On Tuesday 8th April, 1924, two ships collided in a treacherous stretch of water near the entrance of Melbourne’s Port Phillip Bay, known as The Rip. Five crew members and one passenger drowned when a massive coal steamer, the Dilkera, ploughed into a small coastal steamer, the Wyrallah, which had strayed across its path. The Wyrallah sank like a stone in less than ten minutes, and the heartbreaking cries of the drowning men could be heard from the Dilkera until there was nothing but silence.
For the survivors, there was the dampened joy of a “miracle”. Meanwhile, for the families of the lost, there was only devastating heartbreak, and in many cases, also serious financial hardship. Widows were left without husbands, and children without fathers. With the victims being Melbourne men, the tragedy would have hit the city hard. With those few degrees of separation, many would have known the families and been touched by the Wyrallah Disaster in quite a personal way. Indeed, I can almost hear people talking in the streets about someone they knew. Yet, that pain was obviously most acute for the little ones who’d lost their dads. I keep thinking of those little children all tucked into their beds on that ill-fated night, sleeping soundly and not knowing Daddy wasn’t coming home. It breaks my heart. I’m also conscious that my grandmother and her brother were also sleeping in their beds at home in Sydney’s Bondi, equally oblivious to the tragedy. However, lucky for them, their father came back. Well, at least, he did that time.
My Great Grandfather, Reuben William Gardiner, was Second Mate onboard the Dilkera, and that’s what initially drew me into this story. While you’d expect that some reference to the collision would have passed down through the family, the first I knew about it, was spotting a reference in the online newspaper repository, Trove. I am something of a shadow hunter, relentlessly pursuing the lost tales of my ancestors through the online newspapers. Naturally, finding a reference to something this monumental, was something I had to pursue at full throttle and naturally, I wanted to know more about his role in the tragedy. I donned my Sherlock Holmes hat and cloak and set to work.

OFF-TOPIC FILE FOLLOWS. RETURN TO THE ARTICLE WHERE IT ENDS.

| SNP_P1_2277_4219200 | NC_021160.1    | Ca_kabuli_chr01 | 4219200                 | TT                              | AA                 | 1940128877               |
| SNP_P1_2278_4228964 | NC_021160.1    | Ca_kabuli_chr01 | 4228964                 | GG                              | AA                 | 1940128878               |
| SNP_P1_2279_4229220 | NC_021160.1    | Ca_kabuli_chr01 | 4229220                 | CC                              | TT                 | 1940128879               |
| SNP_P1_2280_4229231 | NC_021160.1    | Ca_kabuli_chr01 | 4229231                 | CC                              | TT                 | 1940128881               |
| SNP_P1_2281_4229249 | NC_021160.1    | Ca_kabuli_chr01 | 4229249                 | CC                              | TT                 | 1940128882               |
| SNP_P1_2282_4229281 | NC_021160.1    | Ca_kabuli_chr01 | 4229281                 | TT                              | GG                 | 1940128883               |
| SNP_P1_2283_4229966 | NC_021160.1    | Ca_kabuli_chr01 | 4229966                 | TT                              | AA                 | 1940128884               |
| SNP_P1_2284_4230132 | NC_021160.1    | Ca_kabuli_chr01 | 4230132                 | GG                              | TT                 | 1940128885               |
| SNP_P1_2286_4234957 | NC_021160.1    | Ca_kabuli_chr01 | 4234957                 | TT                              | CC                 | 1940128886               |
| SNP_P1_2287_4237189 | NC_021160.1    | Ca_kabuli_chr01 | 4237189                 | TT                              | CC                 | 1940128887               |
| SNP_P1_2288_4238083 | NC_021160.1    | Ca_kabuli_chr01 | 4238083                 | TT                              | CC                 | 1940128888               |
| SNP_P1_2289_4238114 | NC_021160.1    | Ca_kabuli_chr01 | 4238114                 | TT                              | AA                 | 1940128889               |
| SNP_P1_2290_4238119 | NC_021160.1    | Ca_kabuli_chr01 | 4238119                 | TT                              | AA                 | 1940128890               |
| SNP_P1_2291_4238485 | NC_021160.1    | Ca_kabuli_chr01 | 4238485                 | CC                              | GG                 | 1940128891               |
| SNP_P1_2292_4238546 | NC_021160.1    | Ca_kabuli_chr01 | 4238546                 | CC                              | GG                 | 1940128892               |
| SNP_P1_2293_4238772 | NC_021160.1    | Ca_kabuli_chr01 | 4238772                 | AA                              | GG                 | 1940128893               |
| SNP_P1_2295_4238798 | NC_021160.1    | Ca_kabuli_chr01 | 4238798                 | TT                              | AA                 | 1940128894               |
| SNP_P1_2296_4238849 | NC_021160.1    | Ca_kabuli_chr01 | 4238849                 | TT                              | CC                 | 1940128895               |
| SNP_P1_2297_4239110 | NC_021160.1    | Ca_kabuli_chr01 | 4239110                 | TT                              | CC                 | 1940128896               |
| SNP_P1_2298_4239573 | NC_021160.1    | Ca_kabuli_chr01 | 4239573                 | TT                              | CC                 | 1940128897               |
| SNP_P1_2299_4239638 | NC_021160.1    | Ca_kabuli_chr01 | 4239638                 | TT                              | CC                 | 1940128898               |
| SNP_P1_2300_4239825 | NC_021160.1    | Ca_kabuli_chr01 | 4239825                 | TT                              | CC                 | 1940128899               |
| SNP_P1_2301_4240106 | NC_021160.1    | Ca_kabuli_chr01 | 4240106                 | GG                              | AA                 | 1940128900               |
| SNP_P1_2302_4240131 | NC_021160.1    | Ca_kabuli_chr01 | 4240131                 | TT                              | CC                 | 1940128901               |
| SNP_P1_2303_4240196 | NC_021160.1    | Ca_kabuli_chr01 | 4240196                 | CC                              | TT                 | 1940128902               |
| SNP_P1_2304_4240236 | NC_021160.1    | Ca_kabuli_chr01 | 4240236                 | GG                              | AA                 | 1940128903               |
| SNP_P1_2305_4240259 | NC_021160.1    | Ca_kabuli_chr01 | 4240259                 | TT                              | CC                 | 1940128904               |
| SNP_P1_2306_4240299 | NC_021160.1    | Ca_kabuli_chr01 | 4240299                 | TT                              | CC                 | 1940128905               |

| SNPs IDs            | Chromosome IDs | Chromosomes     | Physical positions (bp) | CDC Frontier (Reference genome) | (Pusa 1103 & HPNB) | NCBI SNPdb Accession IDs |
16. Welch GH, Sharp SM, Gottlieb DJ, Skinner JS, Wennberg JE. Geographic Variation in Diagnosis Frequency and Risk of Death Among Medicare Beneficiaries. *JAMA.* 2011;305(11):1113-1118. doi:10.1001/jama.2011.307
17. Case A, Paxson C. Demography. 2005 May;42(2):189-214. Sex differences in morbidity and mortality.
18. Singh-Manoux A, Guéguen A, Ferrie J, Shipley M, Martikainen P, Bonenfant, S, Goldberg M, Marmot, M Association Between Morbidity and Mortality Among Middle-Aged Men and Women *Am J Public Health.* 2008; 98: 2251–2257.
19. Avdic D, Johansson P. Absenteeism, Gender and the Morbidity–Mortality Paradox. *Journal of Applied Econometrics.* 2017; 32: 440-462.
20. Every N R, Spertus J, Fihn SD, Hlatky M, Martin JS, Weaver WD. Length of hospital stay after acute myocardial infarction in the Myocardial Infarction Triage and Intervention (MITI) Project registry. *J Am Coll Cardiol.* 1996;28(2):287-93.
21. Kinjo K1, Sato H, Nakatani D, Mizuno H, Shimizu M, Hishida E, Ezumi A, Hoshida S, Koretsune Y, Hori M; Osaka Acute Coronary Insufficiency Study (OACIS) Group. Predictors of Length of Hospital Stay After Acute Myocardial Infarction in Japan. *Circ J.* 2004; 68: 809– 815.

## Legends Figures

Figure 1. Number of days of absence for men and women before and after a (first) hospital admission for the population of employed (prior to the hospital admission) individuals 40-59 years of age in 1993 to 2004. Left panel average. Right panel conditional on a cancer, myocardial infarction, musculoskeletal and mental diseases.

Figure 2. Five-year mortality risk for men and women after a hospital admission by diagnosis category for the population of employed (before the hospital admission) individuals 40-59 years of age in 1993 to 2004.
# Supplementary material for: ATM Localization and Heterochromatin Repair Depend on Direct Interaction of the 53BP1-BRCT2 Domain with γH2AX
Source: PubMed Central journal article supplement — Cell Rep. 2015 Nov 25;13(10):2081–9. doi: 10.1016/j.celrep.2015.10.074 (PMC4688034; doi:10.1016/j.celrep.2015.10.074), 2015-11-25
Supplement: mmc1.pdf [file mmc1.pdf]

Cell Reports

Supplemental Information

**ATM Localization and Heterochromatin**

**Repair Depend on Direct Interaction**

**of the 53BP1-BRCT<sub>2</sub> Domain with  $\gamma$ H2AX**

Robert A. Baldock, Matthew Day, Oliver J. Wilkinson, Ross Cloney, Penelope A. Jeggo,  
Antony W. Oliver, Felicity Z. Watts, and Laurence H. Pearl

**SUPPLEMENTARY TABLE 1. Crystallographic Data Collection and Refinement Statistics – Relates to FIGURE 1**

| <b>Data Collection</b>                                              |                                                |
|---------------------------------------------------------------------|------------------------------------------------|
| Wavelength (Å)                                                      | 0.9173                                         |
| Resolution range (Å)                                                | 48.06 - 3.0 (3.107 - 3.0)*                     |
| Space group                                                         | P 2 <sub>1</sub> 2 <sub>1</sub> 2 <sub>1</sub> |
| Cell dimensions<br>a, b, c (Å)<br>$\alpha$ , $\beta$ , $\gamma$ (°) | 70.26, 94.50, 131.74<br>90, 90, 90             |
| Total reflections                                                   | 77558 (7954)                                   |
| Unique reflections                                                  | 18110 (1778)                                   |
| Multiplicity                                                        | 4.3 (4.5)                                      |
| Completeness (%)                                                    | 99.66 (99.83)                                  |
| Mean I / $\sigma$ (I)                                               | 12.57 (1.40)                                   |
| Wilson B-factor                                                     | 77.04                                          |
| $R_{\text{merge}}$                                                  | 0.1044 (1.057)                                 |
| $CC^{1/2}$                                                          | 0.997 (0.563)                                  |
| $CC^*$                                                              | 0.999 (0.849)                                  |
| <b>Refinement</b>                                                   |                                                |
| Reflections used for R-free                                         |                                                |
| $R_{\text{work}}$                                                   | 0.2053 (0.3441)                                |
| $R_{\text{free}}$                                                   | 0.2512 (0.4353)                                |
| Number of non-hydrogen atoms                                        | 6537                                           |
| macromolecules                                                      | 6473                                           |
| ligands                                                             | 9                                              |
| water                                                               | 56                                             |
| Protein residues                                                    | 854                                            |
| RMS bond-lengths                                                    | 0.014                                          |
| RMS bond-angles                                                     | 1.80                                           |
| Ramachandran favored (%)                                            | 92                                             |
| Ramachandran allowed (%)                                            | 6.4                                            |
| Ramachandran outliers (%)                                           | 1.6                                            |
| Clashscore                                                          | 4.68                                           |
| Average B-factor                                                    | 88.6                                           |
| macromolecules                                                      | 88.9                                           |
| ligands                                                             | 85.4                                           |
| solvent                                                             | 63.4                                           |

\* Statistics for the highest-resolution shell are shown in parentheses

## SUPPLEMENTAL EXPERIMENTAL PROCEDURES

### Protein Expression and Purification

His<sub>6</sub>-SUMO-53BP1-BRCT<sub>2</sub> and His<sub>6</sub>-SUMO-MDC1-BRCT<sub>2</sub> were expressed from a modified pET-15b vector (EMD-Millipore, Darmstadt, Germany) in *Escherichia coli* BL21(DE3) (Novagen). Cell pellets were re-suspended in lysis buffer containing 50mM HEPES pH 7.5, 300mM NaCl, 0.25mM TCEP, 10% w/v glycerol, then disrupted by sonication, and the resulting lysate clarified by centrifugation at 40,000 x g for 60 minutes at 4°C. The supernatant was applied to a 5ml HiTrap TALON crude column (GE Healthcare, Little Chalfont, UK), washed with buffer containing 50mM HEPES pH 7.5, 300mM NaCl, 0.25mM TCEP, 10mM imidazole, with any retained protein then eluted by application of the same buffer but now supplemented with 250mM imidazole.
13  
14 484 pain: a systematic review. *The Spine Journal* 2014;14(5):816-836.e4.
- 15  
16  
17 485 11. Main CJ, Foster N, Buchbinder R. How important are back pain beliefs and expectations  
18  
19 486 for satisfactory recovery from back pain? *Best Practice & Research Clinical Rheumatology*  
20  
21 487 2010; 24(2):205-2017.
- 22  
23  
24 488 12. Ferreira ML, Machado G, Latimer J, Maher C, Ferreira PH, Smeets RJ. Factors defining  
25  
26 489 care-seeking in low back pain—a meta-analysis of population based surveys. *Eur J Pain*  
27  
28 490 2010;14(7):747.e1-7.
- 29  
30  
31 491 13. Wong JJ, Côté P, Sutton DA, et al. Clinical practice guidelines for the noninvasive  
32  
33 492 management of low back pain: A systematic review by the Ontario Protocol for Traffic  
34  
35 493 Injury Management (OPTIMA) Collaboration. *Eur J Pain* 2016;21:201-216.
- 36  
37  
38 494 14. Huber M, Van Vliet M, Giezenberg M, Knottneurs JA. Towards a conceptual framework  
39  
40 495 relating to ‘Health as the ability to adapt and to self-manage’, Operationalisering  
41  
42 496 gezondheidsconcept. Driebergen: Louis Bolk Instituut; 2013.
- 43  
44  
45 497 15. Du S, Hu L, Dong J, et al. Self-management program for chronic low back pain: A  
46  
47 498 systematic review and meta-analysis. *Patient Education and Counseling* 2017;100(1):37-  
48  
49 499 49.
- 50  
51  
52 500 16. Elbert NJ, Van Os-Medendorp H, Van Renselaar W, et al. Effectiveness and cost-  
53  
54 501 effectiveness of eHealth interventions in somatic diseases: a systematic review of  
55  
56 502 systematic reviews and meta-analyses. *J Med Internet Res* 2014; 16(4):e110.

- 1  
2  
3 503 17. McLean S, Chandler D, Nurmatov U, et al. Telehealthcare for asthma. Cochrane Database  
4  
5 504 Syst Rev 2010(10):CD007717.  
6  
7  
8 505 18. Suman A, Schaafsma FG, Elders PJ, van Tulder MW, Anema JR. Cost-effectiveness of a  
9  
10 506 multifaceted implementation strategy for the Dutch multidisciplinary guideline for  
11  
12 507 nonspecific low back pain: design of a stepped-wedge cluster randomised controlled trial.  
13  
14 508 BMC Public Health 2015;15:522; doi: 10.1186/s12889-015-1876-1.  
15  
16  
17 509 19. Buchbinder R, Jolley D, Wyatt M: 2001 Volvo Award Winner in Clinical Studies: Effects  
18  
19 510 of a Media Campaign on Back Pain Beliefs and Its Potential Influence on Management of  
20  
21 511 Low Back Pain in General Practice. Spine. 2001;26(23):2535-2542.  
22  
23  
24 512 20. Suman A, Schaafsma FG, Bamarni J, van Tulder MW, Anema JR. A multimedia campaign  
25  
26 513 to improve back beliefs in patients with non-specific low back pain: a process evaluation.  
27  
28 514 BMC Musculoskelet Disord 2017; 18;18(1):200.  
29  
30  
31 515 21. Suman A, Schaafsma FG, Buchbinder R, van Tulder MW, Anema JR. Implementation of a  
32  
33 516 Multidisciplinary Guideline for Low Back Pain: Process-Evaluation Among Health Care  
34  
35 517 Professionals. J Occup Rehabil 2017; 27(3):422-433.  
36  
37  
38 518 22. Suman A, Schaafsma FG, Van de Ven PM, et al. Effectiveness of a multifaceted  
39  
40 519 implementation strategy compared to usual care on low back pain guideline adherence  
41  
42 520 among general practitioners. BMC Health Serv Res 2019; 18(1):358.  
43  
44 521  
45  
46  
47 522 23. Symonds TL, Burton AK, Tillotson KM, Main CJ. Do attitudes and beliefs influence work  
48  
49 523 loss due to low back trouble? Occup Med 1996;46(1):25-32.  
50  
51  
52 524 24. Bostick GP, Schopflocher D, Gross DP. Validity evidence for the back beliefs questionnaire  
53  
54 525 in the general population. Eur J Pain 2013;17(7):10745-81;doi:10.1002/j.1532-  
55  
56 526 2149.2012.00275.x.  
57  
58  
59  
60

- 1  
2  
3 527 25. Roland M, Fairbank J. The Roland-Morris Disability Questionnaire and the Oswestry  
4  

Unfortunately, when it came to knowing Reuben William Gardiner on any personal level, I’d barely seen the tip of the ice berg. He died more than thirty years before I was born, and had become little more than a photograph on my grandmother’s shelf, and a few snippets of story. He was still quite a young looking man in the photo, and he was wearing his officer’s cap. Although he’d qualified as a Master Mariner, he was working as Second Mate with the Adelaide Steamship Company. Apparently, from a technical perspective, that meant he was responsible for navigation onboard. However, that doesn’t take into account his love of the sea, the comraderie with his mates, or that knowledge that the fate of the ship rested in the Lord’s hands. Or, perhaps it was all just down to luck. I’m actually surprised more philosophers weren’t created out sailing on ships, rather than hanging out in the relative safety of Paris cafes.
Reuben Gardiner was born on 3rd Dec, 1876 in Newtown, Sydney to William Henry Gardiner boot maker and Sarah Ann Baker. A few years later, his younger brother, Frederick, followed. However, in 1884, tragedy struck when his mother and twin brothers died in childbirth leaving nine year old Reuben and brother without a mum. On 1st April, 1891 William Henry Gardiner married Jane Ann Lynch at St. Michael’s Roman Catholic Church Wollombi. Reuben struggled to adjust to his new step-mother, who he referred to as “Mrs G”. According to my grandmother, when he was around 17, he left home in West Maitland and joined the merchant navy. In 1910, he married piano teacher Ruby May McNamara at Waverley. Ruby was the eldest of eight daughters born at Queanbeyan to John McNamara and Elizabeth Johnston. I knew Ruby as “Gran, but they called each other: “Reub and Rube”.
What I did know about Reuben Gardiner, was that he died of a heart attack at sea onboard the Arkaba in 1936. Reuben died only four months after my grandmother, concert pianist Eunice Gardiner, had left for London with her mother onboard the Esperance Bay and neither could attend his funeral held at Sydney’s towering St Mary’s Cathedral.
Eunice had won a prestigious scholarship at the Royal Academy of Music in London and was already quite a sensation. A fundraising committee had been established by Lady Gordon and a big testimonial concert was held at Sydney’s Town Hall to finance her studies. However, there was never any question of Eunice going to London alone. Her father was clear: “You might as well throw her to the sharks in Sydney Harbour.”However, this meant that Ruby wasn’t here to bury her husband and make those last goodbyes. That in supporting her daughter’s prodigious talent as she had always done, Ruby had made an incredible personal sacrifice. Reuben’s death also meant that Eunice’s older brother, Dr Les Gardiner, a young doctor at St Vincent’s Hospital, stepped in and supported his mother and sister while putting his own surgical studies on hold and supporting his own wife and family.
So, in a different sense, I have also grown up with this story of a father going off to sea, and not coming home, but for different reasons.